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K-2 Teachers Train in Phonemic Awareness

Eastchester teachers met for their first district-wide curriculum workshop Monday, kicking off a series of monthly meetings designed to strengthen instructional programs within the district

 

While the secondary faculty focused on the new electronic grade book and the upper elementary focused on curriculum mapping, early elementary teachers had a different task. They were learning a new phonemic awareness program that is now a part of the K-2 curriculum. 

 

Teachers from Waverly, Greenvale and Anne Hutchinson trained in Heggerty Phonemic Awareness instruction this week, as the Eastchester School District has officially adopted the Heggerty program as a compliment to current curriculums.

 

Heggerty Phonemic Awareness is a 35-week program focused on improving literacy through the use of multi-sensory learning. K-12 Humanities Chair Susan Chester said that K-2 students would receive roughly 10 minutes of Heggerty instruction daily this year, something she believes will be a boon for the district’s early elementary students.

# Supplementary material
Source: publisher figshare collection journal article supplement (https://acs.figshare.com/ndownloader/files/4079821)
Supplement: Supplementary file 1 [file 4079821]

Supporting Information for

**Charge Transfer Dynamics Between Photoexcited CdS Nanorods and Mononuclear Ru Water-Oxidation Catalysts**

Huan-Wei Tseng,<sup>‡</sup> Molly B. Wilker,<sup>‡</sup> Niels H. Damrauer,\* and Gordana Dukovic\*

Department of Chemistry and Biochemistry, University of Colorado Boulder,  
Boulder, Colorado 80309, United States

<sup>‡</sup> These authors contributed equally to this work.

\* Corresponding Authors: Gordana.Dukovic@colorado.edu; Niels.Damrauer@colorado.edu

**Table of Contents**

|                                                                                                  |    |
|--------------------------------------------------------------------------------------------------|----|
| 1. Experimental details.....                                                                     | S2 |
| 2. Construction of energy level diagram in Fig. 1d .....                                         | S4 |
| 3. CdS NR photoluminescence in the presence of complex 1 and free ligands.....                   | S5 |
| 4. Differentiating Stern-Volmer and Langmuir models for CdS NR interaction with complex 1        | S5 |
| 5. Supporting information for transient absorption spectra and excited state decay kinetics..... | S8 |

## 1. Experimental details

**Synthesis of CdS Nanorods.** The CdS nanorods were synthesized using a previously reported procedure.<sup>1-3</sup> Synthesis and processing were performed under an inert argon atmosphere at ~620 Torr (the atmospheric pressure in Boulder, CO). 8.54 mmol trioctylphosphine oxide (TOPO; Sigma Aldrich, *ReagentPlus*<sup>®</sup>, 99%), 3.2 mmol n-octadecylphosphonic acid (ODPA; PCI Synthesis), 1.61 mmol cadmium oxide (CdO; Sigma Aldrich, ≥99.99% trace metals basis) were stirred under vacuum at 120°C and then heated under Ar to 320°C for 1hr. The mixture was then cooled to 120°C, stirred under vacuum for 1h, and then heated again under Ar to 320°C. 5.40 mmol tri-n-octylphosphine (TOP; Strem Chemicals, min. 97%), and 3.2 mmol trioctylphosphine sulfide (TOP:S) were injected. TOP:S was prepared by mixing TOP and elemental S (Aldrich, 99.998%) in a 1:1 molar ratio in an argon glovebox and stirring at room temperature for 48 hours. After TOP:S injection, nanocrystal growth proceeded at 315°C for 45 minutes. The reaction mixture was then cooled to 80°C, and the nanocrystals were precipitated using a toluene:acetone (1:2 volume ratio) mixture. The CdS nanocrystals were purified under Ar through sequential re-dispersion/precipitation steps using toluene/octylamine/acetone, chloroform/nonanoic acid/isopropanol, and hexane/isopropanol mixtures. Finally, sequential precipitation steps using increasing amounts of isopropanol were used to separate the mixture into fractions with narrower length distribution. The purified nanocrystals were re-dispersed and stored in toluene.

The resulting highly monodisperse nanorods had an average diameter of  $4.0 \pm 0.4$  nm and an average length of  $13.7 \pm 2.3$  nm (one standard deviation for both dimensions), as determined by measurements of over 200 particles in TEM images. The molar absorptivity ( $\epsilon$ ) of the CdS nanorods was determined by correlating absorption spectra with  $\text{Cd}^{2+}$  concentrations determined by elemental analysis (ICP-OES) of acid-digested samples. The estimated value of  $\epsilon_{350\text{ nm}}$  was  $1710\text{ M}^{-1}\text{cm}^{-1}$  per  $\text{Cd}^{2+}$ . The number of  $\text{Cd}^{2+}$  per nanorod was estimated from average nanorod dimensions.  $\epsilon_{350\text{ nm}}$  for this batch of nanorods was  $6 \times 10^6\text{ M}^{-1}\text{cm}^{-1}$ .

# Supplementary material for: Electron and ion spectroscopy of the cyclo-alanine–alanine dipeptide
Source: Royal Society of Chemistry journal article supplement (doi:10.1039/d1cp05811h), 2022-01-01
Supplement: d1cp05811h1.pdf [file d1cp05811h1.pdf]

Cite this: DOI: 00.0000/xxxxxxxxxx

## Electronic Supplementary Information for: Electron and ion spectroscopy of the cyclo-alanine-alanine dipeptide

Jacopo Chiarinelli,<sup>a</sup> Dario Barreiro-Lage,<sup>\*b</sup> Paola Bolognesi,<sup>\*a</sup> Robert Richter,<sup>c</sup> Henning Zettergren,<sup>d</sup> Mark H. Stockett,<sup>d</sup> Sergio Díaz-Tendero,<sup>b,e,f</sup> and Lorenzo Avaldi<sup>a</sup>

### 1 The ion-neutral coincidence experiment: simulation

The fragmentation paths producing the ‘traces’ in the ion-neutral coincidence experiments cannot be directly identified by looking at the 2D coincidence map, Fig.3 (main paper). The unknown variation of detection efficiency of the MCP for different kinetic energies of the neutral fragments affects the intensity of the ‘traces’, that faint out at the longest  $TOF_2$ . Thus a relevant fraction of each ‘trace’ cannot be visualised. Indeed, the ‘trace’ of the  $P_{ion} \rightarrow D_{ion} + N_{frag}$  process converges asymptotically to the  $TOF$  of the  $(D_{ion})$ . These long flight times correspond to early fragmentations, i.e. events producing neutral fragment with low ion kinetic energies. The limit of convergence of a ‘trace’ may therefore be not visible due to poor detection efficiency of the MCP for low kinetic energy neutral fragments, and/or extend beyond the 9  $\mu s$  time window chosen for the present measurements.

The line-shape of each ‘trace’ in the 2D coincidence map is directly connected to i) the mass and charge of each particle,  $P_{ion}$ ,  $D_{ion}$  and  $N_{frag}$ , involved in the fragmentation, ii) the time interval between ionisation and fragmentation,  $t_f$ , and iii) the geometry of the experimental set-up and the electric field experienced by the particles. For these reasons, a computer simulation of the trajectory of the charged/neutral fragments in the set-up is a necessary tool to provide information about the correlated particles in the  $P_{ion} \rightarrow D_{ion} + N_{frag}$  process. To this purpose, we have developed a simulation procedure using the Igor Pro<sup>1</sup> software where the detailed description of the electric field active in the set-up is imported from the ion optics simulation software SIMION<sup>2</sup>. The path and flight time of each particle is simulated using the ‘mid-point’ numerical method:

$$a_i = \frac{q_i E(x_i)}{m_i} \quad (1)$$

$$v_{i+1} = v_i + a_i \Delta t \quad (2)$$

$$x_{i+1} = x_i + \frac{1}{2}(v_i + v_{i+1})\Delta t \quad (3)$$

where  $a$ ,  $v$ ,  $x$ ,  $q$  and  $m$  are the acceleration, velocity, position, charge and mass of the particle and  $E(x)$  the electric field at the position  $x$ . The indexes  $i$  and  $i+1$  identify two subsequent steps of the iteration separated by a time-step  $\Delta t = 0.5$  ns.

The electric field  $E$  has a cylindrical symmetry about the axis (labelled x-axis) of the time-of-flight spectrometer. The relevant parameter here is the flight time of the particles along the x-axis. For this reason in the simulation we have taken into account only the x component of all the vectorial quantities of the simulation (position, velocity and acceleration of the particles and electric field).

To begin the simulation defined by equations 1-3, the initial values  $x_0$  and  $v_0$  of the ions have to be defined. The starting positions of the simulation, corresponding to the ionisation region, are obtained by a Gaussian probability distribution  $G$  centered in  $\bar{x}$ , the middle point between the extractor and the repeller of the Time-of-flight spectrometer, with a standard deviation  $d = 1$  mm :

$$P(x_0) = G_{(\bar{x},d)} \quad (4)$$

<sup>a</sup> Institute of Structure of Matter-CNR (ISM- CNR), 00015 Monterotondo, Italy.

“Heggerty helps the youngest students listen to, isolate, segment and blend sounds that they hear,” said Chester. “You don’t start reading by seeing the word ‘cat’ and memorizing that visual; this is a building block to the other skills in phonics and students are later able to use those skills when they are reading or writing a word.”

 

Chester added that phonemic awareness has long been a staple of the Eastchester School District curriculum, but that Heggerty’s lesson plans present concise, focused phonics instruction that will supplement the rest of the learning that takes place at the K-2 grade levels. 

 

Monday’s staff instruction provided teachers with the tools they would need to communicate Heggerty’s lessons clearly, although Chester said that many of the principles involved are not foreign to Eastchester’s educators and should be easily incorporated into the lesson plans within the district.

 

“Part of Heggerty is that you’re learning the hand motions that scaffold these skills. When you want students to take away or blend sounds, there are certain hand motions,” said Chester. “But what I found so lovely was that the trainer said that Heggerty’s hand motions aren’t magic; if a grade level already has a certain hand motion or gesture for a phonemic awareness and phonics skill, keep using it.”

 

“It’s good to hear that teachers don’t have to give up things that they know are already working for students,” she added. “We just have to be mindful of how important it is to remain consistent.”